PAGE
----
OTTAWA (Reuters) - Enbridge Inc’s controversial plan to build a pipeline to the Pacific Coast from oil-rich Alberta requires the consent of aboriginal bands, some of whom staunchly oppose the project, Canada’s top native leader said on Wednesday.
The contention underlines the difficulties facing Enbridge as it tries to push through the C$5.5 billion ($5.4 billion) Northern Gateway project, which would cross land belonging to many Indian bands, or first nations, so the oil sands-derived crude could be shipped to Asia and California.
Shawn Atleo, national chief of the Assembly of First Nations, said bands had “the right to free, prior and informed consent” over projects affecting their territory.
“We need to move away ... from the notion that we are only stakeholders when it comes to major projects. Whether it be a pipeline or a mine, first nations have real rights (and) those rights must be recognized when it comes to any development in this country,” he told a news conference in Ottawa.
The oil industry and Canada’s federal government want the 525,000 barrel a day pipeline to proceed as quickly as possible as a way to diversify markets and increase returns for the Alberta tar sands, the world’s third-largest oil deposit. Hearings into the development began this month.
Native Indians, who make up around 1.2 million of Canada’s 34.5 million population, largely live on reserves and suffer high levels of poverty, crime, unemployment and poor health. However, Canada’s booming resource industries are increasingly seeking access to those lands.
Enbridge has offered aboriginal communities affected by its proposal to share in 10 percent of pipeline’s ownership and C$1 billion of community development money. A company executive said in Edmonton on Tuesday that 40 percent of first nations along the route have signed on to the equity offering.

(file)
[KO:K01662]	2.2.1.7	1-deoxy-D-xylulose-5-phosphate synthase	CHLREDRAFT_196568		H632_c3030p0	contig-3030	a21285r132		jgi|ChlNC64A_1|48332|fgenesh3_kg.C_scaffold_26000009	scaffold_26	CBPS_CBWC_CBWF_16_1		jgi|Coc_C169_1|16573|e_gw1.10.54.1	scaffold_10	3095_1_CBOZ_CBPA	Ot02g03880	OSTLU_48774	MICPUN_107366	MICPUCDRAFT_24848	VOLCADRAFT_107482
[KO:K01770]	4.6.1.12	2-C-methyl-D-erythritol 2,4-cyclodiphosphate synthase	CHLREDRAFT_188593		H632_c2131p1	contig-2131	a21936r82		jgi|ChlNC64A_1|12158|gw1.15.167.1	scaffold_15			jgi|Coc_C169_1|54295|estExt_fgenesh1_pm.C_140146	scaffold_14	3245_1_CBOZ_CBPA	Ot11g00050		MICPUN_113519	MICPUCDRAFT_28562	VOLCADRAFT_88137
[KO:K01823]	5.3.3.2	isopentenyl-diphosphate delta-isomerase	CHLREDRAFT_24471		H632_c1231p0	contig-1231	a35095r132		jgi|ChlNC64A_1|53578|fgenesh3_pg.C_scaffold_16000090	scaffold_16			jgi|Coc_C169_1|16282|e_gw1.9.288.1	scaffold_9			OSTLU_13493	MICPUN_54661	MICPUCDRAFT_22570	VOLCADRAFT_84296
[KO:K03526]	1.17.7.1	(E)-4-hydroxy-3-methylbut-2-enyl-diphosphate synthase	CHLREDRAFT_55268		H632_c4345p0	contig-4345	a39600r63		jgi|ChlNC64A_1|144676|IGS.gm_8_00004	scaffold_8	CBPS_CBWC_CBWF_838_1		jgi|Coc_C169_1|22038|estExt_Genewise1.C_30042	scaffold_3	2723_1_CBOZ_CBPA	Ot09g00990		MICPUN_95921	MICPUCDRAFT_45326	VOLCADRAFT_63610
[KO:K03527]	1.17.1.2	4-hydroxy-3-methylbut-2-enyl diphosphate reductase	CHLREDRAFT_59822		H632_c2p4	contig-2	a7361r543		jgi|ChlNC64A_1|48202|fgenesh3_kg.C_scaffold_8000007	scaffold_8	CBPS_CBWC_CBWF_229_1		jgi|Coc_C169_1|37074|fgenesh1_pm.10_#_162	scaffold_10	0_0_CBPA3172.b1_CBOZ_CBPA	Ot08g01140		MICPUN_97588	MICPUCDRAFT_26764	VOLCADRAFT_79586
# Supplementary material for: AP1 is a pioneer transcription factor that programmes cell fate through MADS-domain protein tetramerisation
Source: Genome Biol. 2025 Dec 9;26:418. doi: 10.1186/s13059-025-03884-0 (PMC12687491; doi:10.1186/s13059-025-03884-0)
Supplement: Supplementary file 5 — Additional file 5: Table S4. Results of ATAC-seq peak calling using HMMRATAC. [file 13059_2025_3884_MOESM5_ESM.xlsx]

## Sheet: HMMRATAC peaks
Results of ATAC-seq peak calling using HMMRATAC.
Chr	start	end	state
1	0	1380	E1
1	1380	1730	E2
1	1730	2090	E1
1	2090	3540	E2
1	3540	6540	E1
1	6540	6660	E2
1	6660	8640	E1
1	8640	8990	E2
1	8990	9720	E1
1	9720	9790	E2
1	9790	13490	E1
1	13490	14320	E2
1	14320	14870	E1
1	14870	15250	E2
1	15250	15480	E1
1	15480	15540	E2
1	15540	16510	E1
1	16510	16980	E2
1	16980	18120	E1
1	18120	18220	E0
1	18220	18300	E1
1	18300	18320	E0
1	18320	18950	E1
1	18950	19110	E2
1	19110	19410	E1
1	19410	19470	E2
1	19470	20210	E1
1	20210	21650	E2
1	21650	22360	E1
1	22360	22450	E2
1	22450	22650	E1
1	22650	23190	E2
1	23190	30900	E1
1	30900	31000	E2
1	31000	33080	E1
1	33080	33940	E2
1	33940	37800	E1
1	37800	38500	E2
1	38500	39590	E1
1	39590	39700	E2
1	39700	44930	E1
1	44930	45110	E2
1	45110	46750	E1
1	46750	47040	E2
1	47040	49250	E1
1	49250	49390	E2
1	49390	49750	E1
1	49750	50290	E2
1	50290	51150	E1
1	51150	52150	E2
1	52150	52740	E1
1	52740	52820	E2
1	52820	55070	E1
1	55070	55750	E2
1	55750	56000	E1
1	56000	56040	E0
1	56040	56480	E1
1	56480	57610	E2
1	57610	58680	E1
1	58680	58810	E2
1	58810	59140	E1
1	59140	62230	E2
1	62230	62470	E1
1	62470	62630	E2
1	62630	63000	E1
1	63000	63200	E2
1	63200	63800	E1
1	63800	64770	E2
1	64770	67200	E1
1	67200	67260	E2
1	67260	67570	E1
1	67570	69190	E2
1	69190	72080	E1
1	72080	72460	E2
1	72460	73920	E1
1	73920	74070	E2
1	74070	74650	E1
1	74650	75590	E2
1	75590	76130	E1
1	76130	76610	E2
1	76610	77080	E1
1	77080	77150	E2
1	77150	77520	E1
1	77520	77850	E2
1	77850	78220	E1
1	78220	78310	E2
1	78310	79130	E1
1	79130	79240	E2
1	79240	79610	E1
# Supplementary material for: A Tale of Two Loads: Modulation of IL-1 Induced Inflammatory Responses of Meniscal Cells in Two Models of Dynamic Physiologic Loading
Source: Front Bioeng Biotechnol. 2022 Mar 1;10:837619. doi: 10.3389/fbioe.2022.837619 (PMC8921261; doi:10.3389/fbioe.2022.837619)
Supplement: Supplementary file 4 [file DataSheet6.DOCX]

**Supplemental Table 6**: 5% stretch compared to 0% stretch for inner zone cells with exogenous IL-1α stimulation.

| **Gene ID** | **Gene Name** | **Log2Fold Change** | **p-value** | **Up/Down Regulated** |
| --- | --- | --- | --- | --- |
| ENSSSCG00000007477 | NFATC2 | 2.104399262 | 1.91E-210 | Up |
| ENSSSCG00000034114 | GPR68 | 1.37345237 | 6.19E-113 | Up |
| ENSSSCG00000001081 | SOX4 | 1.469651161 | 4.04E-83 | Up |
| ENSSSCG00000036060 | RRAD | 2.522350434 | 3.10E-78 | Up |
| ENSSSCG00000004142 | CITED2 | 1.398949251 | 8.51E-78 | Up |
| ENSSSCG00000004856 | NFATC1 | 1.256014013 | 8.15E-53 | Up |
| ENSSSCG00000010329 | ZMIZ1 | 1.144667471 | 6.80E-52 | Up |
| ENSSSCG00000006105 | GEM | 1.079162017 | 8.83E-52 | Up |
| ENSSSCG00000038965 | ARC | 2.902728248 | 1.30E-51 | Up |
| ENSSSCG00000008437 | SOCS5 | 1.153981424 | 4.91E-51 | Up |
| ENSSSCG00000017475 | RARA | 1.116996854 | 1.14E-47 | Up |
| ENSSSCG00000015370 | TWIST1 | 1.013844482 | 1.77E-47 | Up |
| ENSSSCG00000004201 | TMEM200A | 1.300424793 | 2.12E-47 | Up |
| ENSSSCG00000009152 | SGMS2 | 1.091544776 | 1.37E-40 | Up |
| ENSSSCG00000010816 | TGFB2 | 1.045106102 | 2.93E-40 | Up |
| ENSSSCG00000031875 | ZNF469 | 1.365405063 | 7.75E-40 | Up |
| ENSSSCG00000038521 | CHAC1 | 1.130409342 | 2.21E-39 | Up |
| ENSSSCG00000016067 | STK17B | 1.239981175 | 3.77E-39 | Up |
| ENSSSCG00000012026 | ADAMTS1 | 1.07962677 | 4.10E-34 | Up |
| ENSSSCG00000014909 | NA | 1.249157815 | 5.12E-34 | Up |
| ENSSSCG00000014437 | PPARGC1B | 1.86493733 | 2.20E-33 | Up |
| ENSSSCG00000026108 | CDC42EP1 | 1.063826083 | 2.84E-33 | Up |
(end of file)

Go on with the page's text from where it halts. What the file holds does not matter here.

However, many in British Columbia have said they do not want the project to move forward under any conditions, citing fears of oil spills on ancestral lands and in coastal waters.
In a blow to Enbridge’s aboriginal relations last week, a deal it signed with British Columbia’s Gitxsan First Nation fell apart when chiefs voted down the agreement, which had been signed in December by one of their ranks.
Canada’s right-of-center Conservative government says Northern Gateway and other similar proposals will help boost exports of tar sands-derived crude and provide lots of employment for natives and economic development for their communities.
The project took on more urgency for the government and an industry spending billions of dollars tapping the oil sands after Washington this month rejected TransCanada Corp’s Keystone XL pipeline to Texas from Alberta.
“There’s money on the table, there’s equity participation and there’s jobs. So it’s our hope to continue to have a dialogue with first nations and see whether we can, together, achieve our common objectives,” Joe Oliver, Canada’s natural resources minister, said in Calgary.
“We have a moral and constitutional obligation to consult, to accommodate, and we will of course do that, and the regulatory process contemplates it.”
Oliver said the government has not been talking about intervening in the regulatory process should the proceedings not go as it hopes. Some aboriginal groups have said they are already preparing legal cases should the pipeline be approved against their wishes.
Increasingly unhappy aboriginal leaders say one big reason for their troubles is what they describe as the refusal of Ottawa to live up to treaties signed centuries ago between native bands and former colonial ruler Britain.
They say those agreements gave them rights over resources on their lands and are still valid.
“We have continued to lurch from crisis to crisis with deep social ills and deplorable conditions in our communities, very often when these communities are adjacent to major natural resources projects,” said Atleo.
He said he wanted to break away from what he called the “Ottawa knows best” mentality.
Atleo spoke a day after hundreds of first nations chiefs held a formal meeting in Ottawa with Prime Minister Stephen Harper and senior cabinet ministers to press for more powers to improve living conditions and for more rights over resources.
Tempers are rising, and one senior British Columbia chief said this week that “an aboriginal uprising is inevitable” unless Ottawa handed over more control.
Additional reporting by Jeffrey Jones in Calgary; editing by Rob Wilson